The Ardclough Sedition Case was a complaint and threat of prosecution leveled against Nora J Murray (1888-1955), an Irish poetess and school teacher, in October-November 1917. The case was regarded as a turning point in the battle between the colonial authorities and the Irish National Teachers Organisation and school managers for freedom of expression in the Irish classrooms at a time when teachers were instructed to force children to recite poems such as “a happy English child.”
Nora J Murray (1888-1955) was the first lady teacher in an Irish national school to make her name as a poet. Prior to the publication of “The Wind Upon the Heath” by William Butler Yeats’ publisher Maunsel & Co in July 1918 to favourable critical reaction her poetry appeared in the Irish Independent and Sunday Independent during the revolutionary period. She also had short stories published. Some poetry relating to her native County Leitrim was published post-humously.
The daughter of Timothy Murray from Carrick on Shannon, she was a scholarship student at the local Marist Convent and noted musician. After graduation she taught at Ardclough National School in Co Kildare. She married Alfred Whyte on September 6 1919.
Ms Murray’s teaching of history in Ardclough National School was the subject of a complaint from local Unionist landlord Bertram Hugh Barton (1858-1927) in the aftermath of the 1916 rebellion.
Late in 1917 these allegations reappeared in the form of a complaint about “seditious teaching” filed to the National School commissioners in the name of Mrs Bourke, who said that her child had been discriminated against because he was the son of a British soldier.
Mrs Bourke informed the Commissioners that Ms Murray taught children the nationalist poetry written by Emily Lawless (1845–1913) who had been born in nearby Lyons was a granddaughter of United Irish leader Valentine Lawless 2nd baron Cloncurry (1773–1853), and had allowed songs composed by Thomas Davis and Peadar Kearney to be sung in class. Influences of all three writers can be found in Murray’s own poetry. She also claimed that the teacher “instructs the children always to hate the British and tells them when they grow up she hopes they will fight and die for an Irish Republic,” phrases uncannily similar to the complaints used by Bertram Barton.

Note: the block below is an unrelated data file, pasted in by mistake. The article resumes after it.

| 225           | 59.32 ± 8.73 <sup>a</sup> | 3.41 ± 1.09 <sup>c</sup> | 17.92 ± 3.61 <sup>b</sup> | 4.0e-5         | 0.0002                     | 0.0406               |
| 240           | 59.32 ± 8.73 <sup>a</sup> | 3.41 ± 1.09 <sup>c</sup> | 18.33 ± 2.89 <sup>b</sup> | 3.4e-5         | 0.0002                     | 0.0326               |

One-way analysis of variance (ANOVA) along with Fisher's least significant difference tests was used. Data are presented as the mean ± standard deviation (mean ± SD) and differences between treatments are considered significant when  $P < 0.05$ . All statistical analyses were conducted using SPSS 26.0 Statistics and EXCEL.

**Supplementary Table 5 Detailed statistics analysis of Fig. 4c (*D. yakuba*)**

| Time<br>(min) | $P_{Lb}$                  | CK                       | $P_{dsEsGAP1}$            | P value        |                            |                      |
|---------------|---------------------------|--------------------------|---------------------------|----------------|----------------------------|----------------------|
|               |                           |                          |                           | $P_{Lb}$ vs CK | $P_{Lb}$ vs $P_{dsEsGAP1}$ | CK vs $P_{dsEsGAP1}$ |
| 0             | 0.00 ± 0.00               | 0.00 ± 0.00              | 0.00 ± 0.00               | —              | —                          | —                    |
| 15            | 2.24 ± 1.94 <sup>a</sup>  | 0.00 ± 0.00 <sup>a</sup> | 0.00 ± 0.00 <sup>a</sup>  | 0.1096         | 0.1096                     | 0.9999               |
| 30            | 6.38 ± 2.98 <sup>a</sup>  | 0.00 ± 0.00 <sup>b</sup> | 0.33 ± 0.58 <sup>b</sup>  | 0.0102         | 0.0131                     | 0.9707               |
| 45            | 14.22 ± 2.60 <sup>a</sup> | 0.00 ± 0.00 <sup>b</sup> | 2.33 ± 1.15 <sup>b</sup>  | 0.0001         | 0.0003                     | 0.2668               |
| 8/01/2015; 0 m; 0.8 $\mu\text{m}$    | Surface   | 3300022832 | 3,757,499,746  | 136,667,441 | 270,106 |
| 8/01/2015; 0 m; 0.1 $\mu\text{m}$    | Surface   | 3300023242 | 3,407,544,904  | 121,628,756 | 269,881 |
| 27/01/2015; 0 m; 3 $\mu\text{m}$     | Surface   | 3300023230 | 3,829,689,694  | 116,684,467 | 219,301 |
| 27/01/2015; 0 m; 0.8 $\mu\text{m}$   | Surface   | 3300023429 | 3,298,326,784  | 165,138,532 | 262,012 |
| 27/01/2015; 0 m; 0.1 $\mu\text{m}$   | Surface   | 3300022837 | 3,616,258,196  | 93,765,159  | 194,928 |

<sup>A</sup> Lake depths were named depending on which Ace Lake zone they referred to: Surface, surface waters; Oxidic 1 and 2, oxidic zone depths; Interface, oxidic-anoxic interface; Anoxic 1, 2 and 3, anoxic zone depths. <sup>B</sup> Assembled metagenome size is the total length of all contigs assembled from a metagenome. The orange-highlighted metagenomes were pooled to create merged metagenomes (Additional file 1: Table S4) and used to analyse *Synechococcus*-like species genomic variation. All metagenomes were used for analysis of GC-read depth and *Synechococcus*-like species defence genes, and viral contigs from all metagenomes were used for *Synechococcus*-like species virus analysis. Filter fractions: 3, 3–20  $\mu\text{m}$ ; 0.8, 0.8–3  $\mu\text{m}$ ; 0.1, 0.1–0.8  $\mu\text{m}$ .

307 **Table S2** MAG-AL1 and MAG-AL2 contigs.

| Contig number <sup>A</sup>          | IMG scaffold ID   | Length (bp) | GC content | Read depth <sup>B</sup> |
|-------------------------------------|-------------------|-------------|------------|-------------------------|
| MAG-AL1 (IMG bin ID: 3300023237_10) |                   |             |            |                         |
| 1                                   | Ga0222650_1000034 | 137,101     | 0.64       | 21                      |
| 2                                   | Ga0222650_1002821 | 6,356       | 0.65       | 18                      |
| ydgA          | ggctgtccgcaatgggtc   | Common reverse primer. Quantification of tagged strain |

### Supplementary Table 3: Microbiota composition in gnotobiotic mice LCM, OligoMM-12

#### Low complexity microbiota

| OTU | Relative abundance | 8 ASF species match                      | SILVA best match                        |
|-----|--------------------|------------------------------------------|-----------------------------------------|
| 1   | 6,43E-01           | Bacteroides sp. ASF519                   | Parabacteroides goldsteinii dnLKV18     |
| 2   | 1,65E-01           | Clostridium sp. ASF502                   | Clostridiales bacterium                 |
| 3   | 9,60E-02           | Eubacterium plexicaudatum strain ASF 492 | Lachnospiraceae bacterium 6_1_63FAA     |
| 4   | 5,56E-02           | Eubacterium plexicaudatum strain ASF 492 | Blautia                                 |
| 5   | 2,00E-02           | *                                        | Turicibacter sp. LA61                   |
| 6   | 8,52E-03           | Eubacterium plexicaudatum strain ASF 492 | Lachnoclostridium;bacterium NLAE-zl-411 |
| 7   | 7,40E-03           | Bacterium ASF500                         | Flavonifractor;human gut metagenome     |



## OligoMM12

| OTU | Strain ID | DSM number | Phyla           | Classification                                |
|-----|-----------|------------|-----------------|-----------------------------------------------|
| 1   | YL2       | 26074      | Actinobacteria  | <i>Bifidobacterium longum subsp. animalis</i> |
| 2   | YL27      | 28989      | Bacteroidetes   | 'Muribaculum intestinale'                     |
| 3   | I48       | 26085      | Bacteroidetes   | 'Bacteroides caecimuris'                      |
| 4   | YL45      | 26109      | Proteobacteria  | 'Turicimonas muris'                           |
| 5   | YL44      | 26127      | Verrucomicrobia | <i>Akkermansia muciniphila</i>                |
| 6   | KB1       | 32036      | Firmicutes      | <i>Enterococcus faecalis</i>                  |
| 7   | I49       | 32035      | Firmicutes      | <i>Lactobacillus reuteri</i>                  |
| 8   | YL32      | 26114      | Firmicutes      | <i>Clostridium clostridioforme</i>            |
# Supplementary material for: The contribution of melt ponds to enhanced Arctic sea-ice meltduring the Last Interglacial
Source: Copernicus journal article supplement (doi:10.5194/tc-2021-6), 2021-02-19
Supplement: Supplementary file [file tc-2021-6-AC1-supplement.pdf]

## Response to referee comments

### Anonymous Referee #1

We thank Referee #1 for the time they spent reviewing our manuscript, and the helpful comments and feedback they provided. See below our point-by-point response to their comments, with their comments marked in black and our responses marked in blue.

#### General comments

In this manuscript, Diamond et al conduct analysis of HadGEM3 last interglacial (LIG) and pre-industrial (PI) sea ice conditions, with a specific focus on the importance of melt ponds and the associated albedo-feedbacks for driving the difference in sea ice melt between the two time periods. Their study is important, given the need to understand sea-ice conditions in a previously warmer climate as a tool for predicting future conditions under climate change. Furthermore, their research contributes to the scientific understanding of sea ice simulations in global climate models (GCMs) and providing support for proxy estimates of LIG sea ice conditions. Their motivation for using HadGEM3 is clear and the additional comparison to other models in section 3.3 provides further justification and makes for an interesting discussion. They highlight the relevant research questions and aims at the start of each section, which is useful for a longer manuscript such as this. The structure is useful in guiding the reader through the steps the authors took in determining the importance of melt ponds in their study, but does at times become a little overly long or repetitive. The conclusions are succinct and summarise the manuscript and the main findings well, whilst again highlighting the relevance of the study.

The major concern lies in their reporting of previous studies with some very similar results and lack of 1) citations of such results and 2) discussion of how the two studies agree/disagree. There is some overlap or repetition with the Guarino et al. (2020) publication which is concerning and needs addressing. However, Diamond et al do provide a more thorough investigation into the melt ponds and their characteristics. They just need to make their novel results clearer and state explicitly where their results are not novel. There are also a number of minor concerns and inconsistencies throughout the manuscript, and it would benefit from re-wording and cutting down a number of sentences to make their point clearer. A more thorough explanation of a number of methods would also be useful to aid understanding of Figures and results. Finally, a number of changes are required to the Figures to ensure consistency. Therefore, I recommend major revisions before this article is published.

In October 1917 the Commissioners notified the manager of the school, John Donovan that the complaint had been received. He responded that, contrary to Mrs Bourke’s accusations, that there had been no instances of seditious teaching in the history class, which had focused mainly on the Norman period, that the charge of victimisation of Bourke’s child was “absolutely false” and that the numbers attending the school had not, as alleged, fallen as a consequence of a loss of confidence in Miss Murray.
Fr Donovan referred to “the celebrated tongue” Mrs Bourke had in the neighbourhood.” He claimed that the teacher was both efficient and popular, and that any songs that may have been sung in class were so widely known that “no-one attaches any significance to them.”
A sworn enquiry organised by Commissioners was postponed, pending a prosecution for sedition by the Dublin Castle administration in Ireland. A defence fund was organised by local people and after considerable publicity no sedition proceedings were initiated.
The only demand on Miss Murray from the Commissioners was that she was required in future to submit all songs to be sung in class for prior approval. Mrs Bourke’s children moved to a protestant school run under the patronage of Barton in Straffan demesne. Ironically, Bertram Barton’s son Derrick was to become an active participant in post-independence Irish politics.
- Records of the Commissioners of National Education, National Archives, ED9/2758o. Letter from Mrs Bourke to the Commissioners, C.O.30329-I7
- Eoghan Corry and Jim Tancred: Annals of Ardclough (2004)
- Gabriel Doherty: National Identity and the Study of Irish History in “The English Historical Review,” Vol. 111, No. 441 (April 1996), pp. 332-3 (Oxford University Press).
- John Rooney: The poetry of Nora J Murray in Carrick on Shannon remembered p 57. (1996)
- Nora J Murray: A Wind Upon the Heath (1918)
- Nora J Murray: Leitrim of The Lakes
- Nora J Murray: A Ridge of the West
- Freeman’s Journal November 29 1917.
- Leinster Leader December 1 1917, March 30 1918, August 18 1918, August 31 1918, November 30 1918.
- Leitrim Observer December 1st 1917